Here are some tips to help you get started with your speech.
Alternatively, get in touch to ask me about writing it for you.
Best man speech length
Timing is everything. Let’s face it, we’ve all been at weddings where the best man has kicked off his speech with a joke about how it will last 45 minutes.
Trouble is, 15 minutes have gone by and the audience is starting to wonder if he was actually being serious.
The ideal wedding speech should be long enough to show you’ve put some serious effort into it, but remain concise so that your audience isn’t tempted to start checking their watches. Aim for a speech that lasts between 5 and 10 minutes and avoid going off-piste with any non-scripted comments. You might struggle to come back if you go off on a tangent.
Ditch the internet jokes
You don’t have to be Peter Kay to get your audience laughing, but aim to get a good balance between humour and sincerity with your wedding speech.
Easier said than done when there is an endless supply of scripted jokes and one-liners you can find online, but avoid them at all costs!
Don’t be tempted to include the one about your speech lasting for as long as the groom can make love, or the gag about you really being the best man (sigh). Use them and you are likely to hear the sound of groans coming from your audience rather than rapturous applause.
Your speech doesn’t need to give a blow-by-blow account of the groom’s life story, but aim for at least a couple of stories about him that will get the wedding guests chuckling.
Be nice, not insulting
Remember, the groom asked you to be best man for a reason. Spend time reflecting on his qualities and how great he is as a person. Essentially, you want to big him up as much as possible.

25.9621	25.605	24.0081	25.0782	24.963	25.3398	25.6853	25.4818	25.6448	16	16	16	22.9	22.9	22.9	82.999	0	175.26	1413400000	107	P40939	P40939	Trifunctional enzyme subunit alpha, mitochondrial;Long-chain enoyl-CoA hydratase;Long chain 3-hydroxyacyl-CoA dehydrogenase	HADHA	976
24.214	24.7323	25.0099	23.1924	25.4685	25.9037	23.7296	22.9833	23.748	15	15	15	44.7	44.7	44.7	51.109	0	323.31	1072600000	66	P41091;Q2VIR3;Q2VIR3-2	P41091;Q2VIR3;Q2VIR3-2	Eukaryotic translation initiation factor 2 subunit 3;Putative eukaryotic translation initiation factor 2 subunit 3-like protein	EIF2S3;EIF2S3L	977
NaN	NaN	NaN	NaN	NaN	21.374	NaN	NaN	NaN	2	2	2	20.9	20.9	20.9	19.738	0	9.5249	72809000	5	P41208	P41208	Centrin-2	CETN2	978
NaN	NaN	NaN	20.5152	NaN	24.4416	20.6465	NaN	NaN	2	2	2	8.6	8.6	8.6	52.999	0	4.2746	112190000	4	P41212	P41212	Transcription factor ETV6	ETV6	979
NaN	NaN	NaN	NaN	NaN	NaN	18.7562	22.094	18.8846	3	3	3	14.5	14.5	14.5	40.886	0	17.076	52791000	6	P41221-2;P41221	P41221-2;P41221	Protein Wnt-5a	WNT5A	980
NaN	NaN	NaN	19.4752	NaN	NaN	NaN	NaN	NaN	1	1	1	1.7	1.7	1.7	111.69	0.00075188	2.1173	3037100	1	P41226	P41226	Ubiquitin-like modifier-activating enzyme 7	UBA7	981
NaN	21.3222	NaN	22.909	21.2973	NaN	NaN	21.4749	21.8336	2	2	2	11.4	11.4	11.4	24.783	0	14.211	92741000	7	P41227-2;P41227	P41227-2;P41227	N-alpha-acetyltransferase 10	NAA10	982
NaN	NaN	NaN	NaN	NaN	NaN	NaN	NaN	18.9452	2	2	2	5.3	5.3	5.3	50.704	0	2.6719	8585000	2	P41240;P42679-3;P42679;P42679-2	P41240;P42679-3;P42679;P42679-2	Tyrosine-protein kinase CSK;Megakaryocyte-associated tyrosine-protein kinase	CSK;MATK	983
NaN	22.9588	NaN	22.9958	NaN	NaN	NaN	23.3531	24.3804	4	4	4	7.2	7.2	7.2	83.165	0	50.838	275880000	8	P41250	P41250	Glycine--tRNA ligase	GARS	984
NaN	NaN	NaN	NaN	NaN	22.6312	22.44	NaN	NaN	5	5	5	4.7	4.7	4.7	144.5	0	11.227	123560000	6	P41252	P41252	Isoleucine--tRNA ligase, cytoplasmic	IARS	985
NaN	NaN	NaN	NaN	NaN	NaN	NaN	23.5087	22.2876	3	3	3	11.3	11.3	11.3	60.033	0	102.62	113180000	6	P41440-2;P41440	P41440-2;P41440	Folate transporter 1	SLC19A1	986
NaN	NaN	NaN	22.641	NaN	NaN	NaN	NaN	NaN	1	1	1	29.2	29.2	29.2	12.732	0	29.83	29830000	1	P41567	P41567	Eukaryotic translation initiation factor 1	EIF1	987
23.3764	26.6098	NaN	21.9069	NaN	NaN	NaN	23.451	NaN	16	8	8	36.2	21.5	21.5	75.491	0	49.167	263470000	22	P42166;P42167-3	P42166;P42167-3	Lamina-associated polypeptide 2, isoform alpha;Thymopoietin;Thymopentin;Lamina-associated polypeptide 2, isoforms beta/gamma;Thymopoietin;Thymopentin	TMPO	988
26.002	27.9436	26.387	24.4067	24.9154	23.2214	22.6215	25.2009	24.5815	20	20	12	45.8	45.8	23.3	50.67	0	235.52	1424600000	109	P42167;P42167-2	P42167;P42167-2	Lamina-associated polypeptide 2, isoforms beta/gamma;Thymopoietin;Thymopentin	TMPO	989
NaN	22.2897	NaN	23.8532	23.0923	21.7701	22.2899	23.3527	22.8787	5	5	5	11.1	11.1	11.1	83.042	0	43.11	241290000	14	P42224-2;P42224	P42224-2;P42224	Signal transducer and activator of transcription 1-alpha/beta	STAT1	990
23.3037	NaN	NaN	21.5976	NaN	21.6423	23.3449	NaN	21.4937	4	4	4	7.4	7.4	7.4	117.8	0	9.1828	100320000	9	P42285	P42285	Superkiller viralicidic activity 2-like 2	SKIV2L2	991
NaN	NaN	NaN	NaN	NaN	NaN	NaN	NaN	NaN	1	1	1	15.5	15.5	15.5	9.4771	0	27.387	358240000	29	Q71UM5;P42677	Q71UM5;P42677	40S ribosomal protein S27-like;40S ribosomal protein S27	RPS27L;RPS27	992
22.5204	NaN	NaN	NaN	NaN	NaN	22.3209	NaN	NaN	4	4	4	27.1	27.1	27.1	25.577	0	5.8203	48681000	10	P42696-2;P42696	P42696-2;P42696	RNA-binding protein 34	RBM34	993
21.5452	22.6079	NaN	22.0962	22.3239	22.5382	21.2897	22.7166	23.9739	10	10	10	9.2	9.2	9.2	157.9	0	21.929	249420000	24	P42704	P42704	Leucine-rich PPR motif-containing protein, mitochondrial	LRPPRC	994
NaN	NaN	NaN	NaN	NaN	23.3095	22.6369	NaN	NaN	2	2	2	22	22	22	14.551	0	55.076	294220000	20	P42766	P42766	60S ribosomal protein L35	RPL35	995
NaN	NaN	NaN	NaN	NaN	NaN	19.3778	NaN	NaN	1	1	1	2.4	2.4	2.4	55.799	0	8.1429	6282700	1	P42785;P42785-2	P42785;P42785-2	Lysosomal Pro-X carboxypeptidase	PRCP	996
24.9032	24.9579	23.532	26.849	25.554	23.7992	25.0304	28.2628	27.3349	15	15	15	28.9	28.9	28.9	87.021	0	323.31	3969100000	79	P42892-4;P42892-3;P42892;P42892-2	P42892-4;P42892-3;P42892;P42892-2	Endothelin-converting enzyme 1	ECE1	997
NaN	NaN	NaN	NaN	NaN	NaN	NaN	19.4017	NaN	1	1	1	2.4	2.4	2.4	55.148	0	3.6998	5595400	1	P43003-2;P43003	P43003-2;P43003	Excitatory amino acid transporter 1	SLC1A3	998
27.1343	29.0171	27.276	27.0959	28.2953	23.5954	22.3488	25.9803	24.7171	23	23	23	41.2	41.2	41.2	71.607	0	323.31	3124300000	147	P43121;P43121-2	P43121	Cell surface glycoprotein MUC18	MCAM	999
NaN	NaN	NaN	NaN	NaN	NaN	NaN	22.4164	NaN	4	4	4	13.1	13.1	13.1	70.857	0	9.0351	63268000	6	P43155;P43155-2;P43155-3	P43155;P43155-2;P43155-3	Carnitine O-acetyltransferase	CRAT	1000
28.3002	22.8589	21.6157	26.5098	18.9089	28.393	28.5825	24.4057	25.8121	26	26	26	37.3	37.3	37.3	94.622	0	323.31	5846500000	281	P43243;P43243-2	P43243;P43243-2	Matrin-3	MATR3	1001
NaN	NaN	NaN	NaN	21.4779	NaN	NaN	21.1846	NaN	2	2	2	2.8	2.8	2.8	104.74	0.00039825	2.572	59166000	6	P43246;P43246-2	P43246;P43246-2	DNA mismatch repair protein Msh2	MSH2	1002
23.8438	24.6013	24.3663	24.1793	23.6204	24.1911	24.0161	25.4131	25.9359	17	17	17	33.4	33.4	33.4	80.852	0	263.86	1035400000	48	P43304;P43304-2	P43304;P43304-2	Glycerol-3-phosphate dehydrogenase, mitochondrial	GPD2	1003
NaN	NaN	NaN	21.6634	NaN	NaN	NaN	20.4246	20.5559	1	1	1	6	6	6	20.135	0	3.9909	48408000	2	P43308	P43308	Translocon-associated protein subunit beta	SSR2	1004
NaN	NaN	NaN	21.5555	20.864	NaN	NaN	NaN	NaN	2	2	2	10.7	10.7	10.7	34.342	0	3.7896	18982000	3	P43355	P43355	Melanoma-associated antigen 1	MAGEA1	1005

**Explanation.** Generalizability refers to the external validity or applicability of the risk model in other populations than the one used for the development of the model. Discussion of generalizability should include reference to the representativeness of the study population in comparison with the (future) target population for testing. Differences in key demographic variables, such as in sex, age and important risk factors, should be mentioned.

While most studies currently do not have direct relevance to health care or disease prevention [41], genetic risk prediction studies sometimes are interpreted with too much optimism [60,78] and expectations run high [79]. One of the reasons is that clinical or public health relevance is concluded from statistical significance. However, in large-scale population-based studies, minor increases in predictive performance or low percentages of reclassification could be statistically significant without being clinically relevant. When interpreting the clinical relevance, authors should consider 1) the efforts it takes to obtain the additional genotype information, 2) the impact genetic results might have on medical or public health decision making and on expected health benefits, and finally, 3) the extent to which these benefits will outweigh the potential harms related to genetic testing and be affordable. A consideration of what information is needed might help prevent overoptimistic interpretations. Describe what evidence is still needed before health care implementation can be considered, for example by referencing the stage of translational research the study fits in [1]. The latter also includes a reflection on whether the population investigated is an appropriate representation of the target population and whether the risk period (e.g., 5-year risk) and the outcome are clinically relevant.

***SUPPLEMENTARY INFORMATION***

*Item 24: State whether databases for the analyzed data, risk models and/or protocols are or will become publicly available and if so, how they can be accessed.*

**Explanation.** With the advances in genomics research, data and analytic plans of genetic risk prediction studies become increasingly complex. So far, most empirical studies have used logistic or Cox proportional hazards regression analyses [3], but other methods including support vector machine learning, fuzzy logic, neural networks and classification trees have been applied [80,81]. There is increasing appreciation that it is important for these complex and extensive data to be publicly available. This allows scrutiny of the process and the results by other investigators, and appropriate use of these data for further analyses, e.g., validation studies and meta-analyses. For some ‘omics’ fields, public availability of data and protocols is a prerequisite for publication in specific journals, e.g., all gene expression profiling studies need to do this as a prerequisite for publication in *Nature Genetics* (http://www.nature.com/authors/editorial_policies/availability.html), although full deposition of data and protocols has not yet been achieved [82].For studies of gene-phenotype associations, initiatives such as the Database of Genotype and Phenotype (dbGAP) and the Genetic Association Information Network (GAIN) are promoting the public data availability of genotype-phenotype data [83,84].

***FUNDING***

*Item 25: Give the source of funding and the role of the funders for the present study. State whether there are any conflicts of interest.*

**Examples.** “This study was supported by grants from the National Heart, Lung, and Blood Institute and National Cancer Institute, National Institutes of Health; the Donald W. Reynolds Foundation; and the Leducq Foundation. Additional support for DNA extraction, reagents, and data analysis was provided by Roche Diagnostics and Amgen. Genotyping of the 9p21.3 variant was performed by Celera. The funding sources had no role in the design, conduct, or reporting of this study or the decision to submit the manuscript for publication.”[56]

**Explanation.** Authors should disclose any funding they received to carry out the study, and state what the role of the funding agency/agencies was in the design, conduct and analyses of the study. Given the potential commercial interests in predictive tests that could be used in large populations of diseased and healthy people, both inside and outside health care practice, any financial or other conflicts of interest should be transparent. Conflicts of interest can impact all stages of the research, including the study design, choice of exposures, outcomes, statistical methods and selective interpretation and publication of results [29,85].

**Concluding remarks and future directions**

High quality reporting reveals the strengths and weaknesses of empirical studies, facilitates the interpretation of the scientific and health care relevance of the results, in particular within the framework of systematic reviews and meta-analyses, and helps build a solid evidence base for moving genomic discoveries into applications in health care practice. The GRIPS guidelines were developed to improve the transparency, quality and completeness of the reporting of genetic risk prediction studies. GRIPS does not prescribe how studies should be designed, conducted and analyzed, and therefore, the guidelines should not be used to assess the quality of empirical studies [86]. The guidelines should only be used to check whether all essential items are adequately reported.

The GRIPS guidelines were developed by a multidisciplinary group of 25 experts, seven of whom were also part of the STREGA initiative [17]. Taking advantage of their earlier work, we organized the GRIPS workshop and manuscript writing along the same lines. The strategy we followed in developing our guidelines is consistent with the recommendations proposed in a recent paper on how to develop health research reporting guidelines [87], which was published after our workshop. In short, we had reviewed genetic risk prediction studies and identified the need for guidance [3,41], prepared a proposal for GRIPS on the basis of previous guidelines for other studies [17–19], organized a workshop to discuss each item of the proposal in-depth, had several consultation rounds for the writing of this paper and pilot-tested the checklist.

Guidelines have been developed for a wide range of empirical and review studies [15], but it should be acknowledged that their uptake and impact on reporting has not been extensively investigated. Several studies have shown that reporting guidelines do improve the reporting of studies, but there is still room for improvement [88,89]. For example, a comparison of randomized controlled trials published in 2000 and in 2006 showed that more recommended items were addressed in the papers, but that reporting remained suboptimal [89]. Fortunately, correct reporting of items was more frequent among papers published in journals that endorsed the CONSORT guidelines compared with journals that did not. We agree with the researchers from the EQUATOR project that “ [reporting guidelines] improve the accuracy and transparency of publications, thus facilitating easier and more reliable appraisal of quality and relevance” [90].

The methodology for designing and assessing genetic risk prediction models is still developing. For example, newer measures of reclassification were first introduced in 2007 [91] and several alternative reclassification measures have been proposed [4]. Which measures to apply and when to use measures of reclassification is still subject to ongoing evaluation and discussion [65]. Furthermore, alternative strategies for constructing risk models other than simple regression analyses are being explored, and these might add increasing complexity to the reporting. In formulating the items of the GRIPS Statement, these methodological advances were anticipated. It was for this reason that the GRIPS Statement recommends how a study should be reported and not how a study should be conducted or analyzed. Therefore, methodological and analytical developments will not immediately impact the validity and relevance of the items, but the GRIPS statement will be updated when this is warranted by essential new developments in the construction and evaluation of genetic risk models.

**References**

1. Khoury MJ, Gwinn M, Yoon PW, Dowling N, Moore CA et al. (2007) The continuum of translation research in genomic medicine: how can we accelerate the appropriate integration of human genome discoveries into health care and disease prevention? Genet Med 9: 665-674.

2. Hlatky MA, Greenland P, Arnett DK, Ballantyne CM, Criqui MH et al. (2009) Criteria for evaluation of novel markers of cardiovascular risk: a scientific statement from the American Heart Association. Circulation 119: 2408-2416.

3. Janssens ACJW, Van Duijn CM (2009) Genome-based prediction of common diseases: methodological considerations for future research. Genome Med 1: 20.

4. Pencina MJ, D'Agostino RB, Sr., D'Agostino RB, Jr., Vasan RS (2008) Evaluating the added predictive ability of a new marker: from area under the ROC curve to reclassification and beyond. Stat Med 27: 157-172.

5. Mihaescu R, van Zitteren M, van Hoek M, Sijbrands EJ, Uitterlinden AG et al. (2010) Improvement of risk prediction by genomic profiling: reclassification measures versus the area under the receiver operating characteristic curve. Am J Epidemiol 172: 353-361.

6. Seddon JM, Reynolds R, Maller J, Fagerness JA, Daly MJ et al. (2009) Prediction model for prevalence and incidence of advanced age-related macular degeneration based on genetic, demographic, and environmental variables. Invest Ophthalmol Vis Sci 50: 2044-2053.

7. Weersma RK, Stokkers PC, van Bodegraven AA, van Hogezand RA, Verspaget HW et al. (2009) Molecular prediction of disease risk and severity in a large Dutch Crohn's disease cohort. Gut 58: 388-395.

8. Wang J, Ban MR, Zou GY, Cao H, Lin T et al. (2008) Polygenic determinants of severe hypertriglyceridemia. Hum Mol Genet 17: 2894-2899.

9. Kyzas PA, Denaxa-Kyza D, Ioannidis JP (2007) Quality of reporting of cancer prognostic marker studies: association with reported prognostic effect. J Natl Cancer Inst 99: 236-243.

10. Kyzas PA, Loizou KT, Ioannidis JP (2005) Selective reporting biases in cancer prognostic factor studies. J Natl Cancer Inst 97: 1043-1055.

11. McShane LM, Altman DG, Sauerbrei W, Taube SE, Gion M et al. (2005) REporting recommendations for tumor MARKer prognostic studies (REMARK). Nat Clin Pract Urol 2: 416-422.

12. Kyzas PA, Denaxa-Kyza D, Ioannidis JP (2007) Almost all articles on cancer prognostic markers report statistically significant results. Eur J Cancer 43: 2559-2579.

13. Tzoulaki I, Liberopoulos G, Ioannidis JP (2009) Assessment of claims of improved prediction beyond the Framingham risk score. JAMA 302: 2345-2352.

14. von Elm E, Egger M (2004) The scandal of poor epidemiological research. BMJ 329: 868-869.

By all means include the appropriate jab here and there, but be careful not to overstep the mark and humiliate him. Focus your gags too much on the groom's receding hair line or how out of shape he is, and he might wonder why he gave you the job.
Watch your language!
Keep your speech informal by all means, but don’t be tempted to drop the F-bomb or any other crude words that are likely to offend.
Remember, your audience is likely to be a mixture of friends and relatives old and young, including children. As a result, you need a witty speech that will have everyone laughing.
The rule on mentioning ex-girlfriends
Unless you want to guarantee never to speak to the bride after the wedding day, don't even be tempted to bring up the groom's previous relationships. It definitely won't get any laughs from her (or your audience).
Step away from the PowerPoint!
The adrenaline will already be pumping before you deliver your wedding speech, so why risk getting flustered spending time trying to get that slideshow presentation to work? Keep things simple and avoid any unnecessary aides to accompany your speech.